1 EIR reg 8(3), reg 8(4) Reasonable amount of charges under the EIRs
3 FOI S1 Information deleted after request
7 EIR Reg 2 Town and Country Planning Act 1990
9 FOI S16 S50 Issues not raised by complainant
11 FOI & EIR S3 reg 2 District Auditors
16 FOI S43 Prejudice to contractual relations
18 FOI S44 Financial Services and Markets Act 2000
19 FOI S30 Applicability of section 30(1)
20 FOI S2, S30(1) Public interest factors for s30
21 FOI & EIR S50 reg 18 Exemptions and exceptions not claimed by a public authority
22 FOI S21, S32 Accessibility of court records
23 FOI S44 Police Act 1996
24 FOI S44 Public Contract Regulations 2006
*25 FOI S22, S19 Inspection as a form of publication
26 FOI S21 Reasonably accessible information and publication schemes
27 FOI S21 Audit Commission Act 1998
29 FOI S1, S10, S17, S50(4) Finding in breach of sections 1, 10 or 17
30 FOI S31 Disclosure of vehicle identification numbers
33 EIR r12(6), r12(5)(a) Duty to confirm or deny in the EIR
*37 FOI S21, S41, S44 Access to medical and social care records of the deceased
40 FOI S41 Contracts between public authorities and third parties
41 FOI S41 Public interest in confidence
45 FOI S1 Disclosure to public
55 FOI S43 Evidence from third parties
61 FOI & EIR s2(1)(b), r12(1)(b), s35, s36, r12(4)(e) Advice to Decision Makers
63 FOI & EIR s17(1)(b), reg 14(3) Failure to specify an exemption/ exception on which the PA later relies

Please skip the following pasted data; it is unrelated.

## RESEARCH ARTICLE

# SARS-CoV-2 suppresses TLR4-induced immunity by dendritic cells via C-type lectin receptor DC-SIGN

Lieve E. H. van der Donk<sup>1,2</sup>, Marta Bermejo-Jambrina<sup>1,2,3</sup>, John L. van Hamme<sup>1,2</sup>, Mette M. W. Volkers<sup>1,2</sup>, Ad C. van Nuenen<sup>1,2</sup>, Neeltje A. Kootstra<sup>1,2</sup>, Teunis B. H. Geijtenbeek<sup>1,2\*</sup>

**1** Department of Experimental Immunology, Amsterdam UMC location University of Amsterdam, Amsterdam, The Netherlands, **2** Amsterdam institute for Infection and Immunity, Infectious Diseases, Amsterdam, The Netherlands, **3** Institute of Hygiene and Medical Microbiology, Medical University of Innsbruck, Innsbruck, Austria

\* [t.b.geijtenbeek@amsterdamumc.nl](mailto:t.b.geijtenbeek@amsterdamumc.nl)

64 FOI s24, s27, 30, s31 Neither confirm nor deny
66 FOI & EIR s35, s36, Reg 12(4)(e) Minutes & agendas
67 FOI s30(1), s31 Public interest in protecting information acquired during investigations
68 FOI s24 Required for purposes of national security
70 FOI s31(1)(a) Public interest in preventing crime against individuals
71 FOI s40(2), Reg13(2) Addresses of properties
74 FOI s41 Consistent treatment of confidential information
80 EIR Reg 2(1) Defining environmental information
81 FOI s31 Parking enforcement
82 EIR Reg 2(1) Any information on
83 EIR Reg 2(1) Future likely effects
84 EIR Reg 2(1) Threshold of likely to affect and may be affected
87 FOI S16, S45, Code of Practice Limits of s16
88 FOI s16, S45, code of practice Clarifying requests
*92 FOI All Time at which to apply provisions of the Act
93 FOI S41 Test of confidence
94 FOI S41 Necessary quality of confidence
95 FOI / EIR s41, Reg 12(5)(e) Obligation of confidence
96 FOI s41 Public interest in favour of maintaining a confidence
97 FO s41 Detriment to the confider
100 FOI & EIR s30, Reg 12(5)(b) Information pre-dating an investigation
109 FOI s41 Information “obtained from” any other person
112 s41 FOI The law of confidence & Human Rights Act 1998
114 FOI & EIR s1(1)(a) and (b), Reg 5(1) and Reg 14(1) Assessing whether information has been communicated or made available
119 FOI & EIR s11, s21, s39, Reg2(1), Reg6, Reg12, Reg14 Inter-relation between s21 & s39 FOIA and the EIRs
122 FOI s1, Reg 2(1) Documents containing both environmental & other information
*130 FOI & EIR s35, s36, Reg 12(4)(e) ‘Chilling effect’ arguments
131 FOI & EIR s35, s36, Reg12(4)(e) Risk to the role and integrity of the Civil Service
134 FOI & EIR s27(2)&(3),Reg 12(5)(a) Realistic expectation of confidentiality under s27(2) and (3)